“The increase in food prices for some countries – those that are not food self-sufficient but depend on grain imports – will be sharper and higher than that seen in 1974 or in 2008, when food price increases made international headlines as a pervasive crisis. The tightness in food markets in 1974 and 2008 provide some lessons about the dynamics of global food markets, though a pandemic’s effects on food trade could be far more lethal. Just as occurred in 2008, food trade will become restricted and food will be rationed and hoarded, with the result that food prices will increase for most locations where populations aggregate (cities, towns), though food prices will decrease in rural agricultural areas. Even if the virus spreads from foci to foci, along lines of airplane travel, or migration, the wave of food panic may be more diffuse and global.”
The study also cautioned that in many locations, as commercial food pipelines break down, stores that sell food (particularly in urban areas) will likely be in a hurry to disburse fresh (perishable) foods to friends and family before the markets shut down to avoid ransacking. If the store owners trust rumors that food transport will be interrupted and their inventories not replenished, they may see an incentive to protect the store itself by closing it down, boarding it up and posting “no more food” signs, rather than face break-ins, threats, or government requisition.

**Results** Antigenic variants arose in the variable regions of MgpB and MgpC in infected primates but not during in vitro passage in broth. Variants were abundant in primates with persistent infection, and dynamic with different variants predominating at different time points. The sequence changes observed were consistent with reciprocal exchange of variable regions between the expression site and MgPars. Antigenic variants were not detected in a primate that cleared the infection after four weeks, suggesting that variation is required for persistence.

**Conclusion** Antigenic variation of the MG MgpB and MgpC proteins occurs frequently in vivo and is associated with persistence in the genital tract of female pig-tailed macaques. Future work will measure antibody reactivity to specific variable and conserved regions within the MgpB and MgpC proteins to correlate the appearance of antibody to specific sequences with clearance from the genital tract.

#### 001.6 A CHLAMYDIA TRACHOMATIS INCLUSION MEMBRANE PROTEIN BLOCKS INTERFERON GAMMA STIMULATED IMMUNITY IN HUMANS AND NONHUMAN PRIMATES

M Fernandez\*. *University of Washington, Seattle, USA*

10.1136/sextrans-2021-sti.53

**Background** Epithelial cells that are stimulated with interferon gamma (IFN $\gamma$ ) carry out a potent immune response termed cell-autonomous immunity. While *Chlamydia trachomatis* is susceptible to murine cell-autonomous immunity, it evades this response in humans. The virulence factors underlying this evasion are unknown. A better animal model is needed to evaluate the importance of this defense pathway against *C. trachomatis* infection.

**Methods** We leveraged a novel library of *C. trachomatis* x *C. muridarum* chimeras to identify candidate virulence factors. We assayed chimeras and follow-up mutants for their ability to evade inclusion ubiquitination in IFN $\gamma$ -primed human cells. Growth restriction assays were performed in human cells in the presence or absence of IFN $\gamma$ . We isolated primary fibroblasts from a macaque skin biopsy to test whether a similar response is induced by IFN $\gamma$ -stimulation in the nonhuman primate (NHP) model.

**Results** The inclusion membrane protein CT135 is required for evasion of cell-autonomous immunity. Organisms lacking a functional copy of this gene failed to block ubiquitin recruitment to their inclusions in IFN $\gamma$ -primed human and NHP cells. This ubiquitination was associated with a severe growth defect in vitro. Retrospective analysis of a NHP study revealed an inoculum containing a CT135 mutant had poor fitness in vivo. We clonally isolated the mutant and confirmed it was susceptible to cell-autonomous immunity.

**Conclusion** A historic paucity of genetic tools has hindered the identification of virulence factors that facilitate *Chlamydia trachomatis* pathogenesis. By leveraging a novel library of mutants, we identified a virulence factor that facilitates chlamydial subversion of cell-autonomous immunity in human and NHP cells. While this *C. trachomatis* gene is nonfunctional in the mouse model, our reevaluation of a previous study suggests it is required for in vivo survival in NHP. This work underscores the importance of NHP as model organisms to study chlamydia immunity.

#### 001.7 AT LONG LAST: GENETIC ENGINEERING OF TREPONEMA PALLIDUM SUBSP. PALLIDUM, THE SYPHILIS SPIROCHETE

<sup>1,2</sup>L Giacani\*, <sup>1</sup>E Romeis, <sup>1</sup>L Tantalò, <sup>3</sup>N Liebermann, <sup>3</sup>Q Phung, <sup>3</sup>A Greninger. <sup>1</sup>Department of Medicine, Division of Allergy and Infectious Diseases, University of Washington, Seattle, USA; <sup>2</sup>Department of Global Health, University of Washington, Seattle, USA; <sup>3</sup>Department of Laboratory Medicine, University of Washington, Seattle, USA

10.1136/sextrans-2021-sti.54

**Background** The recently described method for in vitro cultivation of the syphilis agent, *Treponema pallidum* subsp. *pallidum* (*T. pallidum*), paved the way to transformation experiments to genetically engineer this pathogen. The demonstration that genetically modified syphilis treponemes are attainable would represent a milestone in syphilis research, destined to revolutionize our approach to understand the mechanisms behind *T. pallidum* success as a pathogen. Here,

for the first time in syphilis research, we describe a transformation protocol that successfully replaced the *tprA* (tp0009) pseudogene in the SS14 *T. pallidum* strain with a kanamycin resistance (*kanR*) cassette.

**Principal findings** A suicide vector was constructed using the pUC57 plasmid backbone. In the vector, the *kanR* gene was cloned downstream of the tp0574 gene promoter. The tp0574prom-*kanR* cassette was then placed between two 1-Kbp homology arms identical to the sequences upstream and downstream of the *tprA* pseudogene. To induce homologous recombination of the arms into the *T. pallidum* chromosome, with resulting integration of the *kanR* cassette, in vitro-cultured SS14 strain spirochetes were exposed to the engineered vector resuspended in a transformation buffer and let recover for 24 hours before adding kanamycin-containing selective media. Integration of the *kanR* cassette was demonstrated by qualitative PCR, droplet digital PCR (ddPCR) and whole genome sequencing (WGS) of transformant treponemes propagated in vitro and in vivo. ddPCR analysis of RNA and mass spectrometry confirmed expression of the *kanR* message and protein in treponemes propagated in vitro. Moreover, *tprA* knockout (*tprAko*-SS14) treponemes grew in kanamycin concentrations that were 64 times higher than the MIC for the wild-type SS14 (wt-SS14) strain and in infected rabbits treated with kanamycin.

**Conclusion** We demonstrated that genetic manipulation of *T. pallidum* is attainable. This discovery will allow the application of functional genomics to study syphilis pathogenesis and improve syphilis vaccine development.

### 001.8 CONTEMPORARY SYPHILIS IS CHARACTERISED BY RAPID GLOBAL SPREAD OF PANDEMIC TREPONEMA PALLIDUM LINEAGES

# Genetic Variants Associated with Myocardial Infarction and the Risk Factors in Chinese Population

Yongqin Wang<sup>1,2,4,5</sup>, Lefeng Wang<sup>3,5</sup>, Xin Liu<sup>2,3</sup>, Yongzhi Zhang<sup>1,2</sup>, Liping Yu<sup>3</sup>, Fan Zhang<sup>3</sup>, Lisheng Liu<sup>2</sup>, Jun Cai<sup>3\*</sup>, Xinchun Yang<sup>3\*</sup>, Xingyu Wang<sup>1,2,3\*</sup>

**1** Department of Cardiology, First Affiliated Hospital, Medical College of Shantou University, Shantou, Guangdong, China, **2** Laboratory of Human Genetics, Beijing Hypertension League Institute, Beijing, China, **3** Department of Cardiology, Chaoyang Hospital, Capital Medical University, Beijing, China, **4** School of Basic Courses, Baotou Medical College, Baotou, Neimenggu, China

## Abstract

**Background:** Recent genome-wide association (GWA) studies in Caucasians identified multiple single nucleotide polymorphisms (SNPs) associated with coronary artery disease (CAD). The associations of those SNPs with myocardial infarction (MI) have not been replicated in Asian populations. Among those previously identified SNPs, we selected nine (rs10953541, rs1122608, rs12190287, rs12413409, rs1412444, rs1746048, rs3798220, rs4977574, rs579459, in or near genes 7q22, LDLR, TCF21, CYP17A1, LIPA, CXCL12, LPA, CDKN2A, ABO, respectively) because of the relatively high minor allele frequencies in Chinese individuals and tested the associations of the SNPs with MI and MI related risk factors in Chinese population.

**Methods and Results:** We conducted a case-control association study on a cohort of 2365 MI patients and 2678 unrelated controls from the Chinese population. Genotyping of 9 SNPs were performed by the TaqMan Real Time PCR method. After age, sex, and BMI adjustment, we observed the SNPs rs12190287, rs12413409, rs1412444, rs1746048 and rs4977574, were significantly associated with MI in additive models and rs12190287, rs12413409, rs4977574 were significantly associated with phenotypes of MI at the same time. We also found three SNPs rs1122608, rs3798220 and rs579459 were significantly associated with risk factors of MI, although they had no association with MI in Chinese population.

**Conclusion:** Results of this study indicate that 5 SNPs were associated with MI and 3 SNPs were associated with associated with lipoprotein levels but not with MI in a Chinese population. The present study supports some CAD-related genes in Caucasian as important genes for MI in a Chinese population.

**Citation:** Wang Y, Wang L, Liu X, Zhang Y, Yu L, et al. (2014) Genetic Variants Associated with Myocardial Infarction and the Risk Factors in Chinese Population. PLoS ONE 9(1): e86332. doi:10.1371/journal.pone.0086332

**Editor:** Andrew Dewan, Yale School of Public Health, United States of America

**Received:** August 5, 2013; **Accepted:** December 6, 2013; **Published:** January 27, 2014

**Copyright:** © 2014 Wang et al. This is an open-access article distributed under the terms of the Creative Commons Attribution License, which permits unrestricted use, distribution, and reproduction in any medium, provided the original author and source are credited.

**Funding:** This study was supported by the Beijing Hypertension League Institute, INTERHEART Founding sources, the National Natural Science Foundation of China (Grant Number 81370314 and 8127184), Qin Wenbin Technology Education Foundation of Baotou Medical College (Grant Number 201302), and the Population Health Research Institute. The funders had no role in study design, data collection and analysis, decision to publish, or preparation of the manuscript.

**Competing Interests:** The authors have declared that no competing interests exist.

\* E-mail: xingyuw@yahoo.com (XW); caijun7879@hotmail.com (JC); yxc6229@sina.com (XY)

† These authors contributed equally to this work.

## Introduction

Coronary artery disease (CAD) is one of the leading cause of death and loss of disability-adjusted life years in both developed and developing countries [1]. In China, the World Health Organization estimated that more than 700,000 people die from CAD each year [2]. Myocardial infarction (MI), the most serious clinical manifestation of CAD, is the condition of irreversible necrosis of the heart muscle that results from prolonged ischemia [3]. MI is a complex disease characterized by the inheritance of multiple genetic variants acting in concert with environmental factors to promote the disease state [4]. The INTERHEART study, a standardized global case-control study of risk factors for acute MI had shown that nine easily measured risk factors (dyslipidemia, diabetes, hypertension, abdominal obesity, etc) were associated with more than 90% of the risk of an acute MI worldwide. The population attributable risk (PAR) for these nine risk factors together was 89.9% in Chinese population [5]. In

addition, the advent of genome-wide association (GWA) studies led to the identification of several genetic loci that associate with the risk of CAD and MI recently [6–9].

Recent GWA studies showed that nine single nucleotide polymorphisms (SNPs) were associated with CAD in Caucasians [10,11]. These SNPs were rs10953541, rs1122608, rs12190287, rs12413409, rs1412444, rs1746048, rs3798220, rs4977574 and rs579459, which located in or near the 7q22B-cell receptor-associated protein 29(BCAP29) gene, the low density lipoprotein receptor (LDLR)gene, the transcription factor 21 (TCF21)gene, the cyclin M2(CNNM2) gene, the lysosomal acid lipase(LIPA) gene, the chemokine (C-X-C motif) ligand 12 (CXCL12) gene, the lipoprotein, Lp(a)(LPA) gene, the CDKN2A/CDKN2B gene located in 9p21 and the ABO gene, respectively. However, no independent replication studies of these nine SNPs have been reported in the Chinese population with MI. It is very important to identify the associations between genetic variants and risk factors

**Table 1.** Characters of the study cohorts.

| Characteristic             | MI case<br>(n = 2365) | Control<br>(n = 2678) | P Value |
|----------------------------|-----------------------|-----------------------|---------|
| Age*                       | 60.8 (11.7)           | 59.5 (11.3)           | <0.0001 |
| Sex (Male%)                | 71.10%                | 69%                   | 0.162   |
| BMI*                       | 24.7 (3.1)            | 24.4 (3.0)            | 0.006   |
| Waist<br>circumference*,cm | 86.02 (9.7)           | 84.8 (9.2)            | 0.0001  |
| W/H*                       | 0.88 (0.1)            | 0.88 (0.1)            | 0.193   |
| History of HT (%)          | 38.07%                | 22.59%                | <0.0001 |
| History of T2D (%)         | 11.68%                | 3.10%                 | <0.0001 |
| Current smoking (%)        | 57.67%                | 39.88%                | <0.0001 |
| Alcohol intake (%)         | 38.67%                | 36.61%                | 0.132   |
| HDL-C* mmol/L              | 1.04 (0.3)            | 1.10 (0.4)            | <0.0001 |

For these and other reinforcing dynamic reasons, food prices may inflate in urban areas many times above normal levels over the first few weeks of a pandemic. For poor families who are already spending their limited income largely on food, increased prices leads to reduced consumption. Most famines in modern history have shown that increased food prices lead to increased hunger and malnutrition-related death.
Experts recommend that key national-level goals are to reduce national panic and distress migration (for instance away from urban areas to rural areas). Therefore, food programs can support leaders by helping them to maintain credibility when communicating to the public that people need not panic about food shortages; therefore, governments need to have some credible back-up reserves of food with which to promise to provide targeted food for the malnourished. Many governments already dabble in maintaining emergency reserves of food. So, when an outbreak—such as COVID-19—begins to spread on the health side, governments can and should begin to quietly store and then allocate food resources to work with civil society agencies, such as the Red Cross, to quickly pre-purchase and move food storage to decentralized locations, to reach the most vulnerable people.
About the Author: Steve Hansch is a WHES Board Member with long-standing association with Hunger Notes.